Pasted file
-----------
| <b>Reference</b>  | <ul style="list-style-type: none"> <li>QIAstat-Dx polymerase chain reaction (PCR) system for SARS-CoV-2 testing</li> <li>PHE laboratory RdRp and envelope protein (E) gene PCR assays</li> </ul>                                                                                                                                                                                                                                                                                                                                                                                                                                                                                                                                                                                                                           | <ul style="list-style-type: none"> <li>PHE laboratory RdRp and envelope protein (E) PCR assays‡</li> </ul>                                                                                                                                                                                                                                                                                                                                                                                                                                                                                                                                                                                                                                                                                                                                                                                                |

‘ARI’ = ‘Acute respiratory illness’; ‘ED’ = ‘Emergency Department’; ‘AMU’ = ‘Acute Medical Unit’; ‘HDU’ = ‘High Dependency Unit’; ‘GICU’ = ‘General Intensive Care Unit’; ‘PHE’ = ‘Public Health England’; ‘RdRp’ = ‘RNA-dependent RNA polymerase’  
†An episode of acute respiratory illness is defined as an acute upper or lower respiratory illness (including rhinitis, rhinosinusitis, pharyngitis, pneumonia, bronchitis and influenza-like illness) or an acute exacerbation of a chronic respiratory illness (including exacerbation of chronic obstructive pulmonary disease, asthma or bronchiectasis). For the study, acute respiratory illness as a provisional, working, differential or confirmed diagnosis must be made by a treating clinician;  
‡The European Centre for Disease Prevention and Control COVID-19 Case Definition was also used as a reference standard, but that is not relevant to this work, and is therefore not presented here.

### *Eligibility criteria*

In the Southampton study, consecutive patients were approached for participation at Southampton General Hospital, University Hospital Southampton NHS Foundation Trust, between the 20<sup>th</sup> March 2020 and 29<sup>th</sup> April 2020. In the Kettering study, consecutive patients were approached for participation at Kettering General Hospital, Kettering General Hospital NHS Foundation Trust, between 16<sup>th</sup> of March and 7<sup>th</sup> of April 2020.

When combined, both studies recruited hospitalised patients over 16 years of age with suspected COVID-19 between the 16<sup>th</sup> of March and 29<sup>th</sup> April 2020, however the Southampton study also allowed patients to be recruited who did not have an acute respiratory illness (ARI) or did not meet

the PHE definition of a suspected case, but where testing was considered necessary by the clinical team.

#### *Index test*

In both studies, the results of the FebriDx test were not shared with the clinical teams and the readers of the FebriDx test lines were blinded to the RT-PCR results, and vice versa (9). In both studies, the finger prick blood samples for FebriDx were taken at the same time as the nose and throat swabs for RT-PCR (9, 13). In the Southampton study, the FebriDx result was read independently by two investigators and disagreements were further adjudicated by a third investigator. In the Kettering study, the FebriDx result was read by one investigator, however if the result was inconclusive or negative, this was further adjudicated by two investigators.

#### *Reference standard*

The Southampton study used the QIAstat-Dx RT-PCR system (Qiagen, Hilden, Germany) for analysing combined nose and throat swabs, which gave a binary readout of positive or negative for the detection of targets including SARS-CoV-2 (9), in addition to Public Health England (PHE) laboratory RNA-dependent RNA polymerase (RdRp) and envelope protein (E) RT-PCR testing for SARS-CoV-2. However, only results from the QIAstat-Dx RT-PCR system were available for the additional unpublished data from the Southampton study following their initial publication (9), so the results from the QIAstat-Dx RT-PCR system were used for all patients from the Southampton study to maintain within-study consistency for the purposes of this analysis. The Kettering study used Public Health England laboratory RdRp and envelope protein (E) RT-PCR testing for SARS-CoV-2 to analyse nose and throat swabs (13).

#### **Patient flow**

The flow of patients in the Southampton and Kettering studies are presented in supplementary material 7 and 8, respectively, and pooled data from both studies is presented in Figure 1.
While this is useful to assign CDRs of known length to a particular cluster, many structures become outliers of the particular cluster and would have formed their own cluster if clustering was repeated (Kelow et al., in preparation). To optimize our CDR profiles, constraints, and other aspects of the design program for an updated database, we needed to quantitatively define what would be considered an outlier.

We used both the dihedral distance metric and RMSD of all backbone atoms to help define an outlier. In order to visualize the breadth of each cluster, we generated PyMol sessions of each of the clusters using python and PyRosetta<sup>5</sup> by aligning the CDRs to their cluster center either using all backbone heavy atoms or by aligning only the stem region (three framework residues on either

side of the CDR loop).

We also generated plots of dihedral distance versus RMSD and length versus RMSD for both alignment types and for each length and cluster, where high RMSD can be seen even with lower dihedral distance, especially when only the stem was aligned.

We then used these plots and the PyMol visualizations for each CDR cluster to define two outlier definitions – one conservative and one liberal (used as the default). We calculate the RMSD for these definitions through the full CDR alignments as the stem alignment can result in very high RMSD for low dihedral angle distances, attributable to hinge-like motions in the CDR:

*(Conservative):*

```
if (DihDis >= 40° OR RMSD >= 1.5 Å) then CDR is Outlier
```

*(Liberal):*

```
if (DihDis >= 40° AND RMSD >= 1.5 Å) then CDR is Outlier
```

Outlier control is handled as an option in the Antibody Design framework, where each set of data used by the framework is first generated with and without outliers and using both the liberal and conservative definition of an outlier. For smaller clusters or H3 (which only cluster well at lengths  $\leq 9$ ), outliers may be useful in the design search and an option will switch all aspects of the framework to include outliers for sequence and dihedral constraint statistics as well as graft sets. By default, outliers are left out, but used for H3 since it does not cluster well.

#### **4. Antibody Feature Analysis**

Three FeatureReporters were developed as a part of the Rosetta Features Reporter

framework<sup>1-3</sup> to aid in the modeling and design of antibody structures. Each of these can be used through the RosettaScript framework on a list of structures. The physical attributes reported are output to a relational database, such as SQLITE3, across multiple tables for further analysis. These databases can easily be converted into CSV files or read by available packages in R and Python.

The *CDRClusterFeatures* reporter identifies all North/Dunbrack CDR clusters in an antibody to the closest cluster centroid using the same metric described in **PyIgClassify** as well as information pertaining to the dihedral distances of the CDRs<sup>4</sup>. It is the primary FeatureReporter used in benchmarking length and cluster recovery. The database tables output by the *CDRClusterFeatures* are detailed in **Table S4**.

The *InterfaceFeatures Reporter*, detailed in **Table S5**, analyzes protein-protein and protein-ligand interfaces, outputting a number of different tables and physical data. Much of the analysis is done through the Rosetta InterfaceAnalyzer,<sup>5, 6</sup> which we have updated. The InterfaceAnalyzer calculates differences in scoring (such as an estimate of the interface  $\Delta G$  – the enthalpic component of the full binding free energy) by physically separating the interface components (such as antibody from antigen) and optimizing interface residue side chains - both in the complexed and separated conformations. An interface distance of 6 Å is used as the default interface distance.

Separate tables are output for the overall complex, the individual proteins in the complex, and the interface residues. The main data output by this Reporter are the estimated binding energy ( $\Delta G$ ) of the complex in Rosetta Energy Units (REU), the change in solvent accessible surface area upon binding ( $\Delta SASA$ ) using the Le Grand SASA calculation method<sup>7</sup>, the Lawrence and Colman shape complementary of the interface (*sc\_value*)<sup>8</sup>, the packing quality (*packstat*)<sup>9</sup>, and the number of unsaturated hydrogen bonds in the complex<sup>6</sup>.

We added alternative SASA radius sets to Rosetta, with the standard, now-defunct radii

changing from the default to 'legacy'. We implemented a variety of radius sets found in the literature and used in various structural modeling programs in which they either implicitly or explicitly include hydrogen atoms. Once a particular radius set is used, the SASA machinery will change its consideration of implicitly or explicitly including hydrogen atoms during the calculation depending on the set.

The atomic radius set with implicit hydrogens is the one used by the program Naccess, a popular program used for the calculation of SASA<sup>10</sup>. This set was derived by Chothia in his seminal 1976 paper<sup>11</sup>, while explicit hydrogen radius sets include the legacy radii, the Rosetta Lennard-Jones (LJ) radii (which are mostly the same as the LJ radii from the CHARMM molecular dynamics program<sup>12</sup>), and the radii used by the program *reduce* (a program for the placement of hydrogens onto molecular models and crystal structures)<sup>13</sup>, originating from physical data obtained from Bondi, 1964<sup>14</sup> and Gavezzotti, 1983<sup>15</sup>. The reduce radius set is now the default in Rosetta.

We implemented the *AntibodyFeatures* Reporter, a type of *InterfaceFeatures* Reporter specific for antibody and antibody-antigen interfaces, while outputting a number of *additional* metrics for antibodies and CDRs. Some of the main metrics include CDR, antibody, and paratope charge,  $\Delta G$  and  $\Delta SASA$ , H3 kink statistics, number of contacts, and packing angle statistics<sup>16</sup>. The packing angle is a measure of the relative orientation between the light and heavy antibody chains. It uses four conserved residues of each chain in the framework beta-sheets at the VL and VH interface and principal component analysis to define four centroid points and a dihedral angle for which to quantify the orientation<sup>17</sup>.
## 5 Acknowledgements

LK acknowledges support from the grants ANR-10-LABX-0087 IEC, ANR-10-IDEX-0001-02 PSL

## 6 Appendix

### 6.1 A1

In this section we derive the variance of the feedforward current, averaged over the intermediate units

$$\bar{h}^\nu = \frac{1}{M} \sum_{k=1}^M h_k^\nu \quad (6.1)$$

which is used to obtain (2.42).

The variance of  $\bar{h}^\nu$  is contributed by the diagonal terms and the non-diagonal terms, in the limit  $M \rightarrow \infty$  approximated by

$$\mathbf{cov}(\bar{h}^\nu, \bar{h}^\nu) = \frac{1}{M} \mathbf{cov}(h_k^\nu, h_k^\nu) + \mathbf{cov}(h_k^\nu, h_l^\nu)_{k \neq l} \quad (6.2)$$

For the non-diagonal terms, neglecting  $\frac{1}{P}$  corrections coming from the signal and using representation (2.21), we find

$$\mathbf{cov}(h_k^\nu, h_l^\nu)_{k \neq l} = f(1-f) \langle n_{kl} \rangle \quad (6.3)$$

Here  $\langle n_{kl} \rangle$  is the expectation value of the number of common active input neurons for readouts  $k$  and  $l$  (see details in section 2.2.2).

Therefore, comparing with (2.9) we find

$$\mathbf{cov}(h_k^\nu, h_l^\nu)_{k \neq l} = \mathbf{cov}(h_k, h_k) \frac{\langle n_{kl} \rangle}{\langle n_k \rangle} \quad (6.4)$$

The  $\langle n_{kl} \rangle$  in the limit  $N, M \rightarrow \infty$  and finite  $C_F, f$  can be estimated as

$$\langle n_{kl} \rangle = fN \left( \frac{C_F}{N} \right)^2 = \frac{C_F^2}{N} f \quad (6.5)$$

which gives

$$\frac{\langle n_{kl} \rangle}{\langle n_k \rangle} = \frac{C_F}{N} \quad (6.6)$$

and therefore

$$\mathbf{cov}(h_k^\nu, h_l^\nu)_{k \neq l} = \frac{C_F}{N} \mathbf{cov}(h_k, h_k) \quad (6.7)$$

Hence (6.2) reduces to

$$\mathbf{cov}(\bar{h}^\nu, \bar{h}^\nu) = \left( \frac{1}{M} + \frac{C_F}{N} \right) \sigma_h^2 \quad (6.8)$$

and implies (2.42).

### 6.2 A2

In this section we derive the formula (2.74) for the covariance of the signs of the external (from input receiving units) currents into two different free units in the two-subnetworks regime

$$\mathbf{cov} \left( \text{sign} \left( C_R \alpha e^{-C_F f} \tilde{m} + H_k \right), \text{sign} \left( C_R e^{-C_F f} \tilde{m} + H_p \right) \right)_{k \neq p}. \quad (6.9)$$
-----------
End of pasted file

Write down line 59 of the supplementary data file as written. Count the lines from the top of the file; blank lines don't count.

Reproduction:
Hence (6.2) reduces to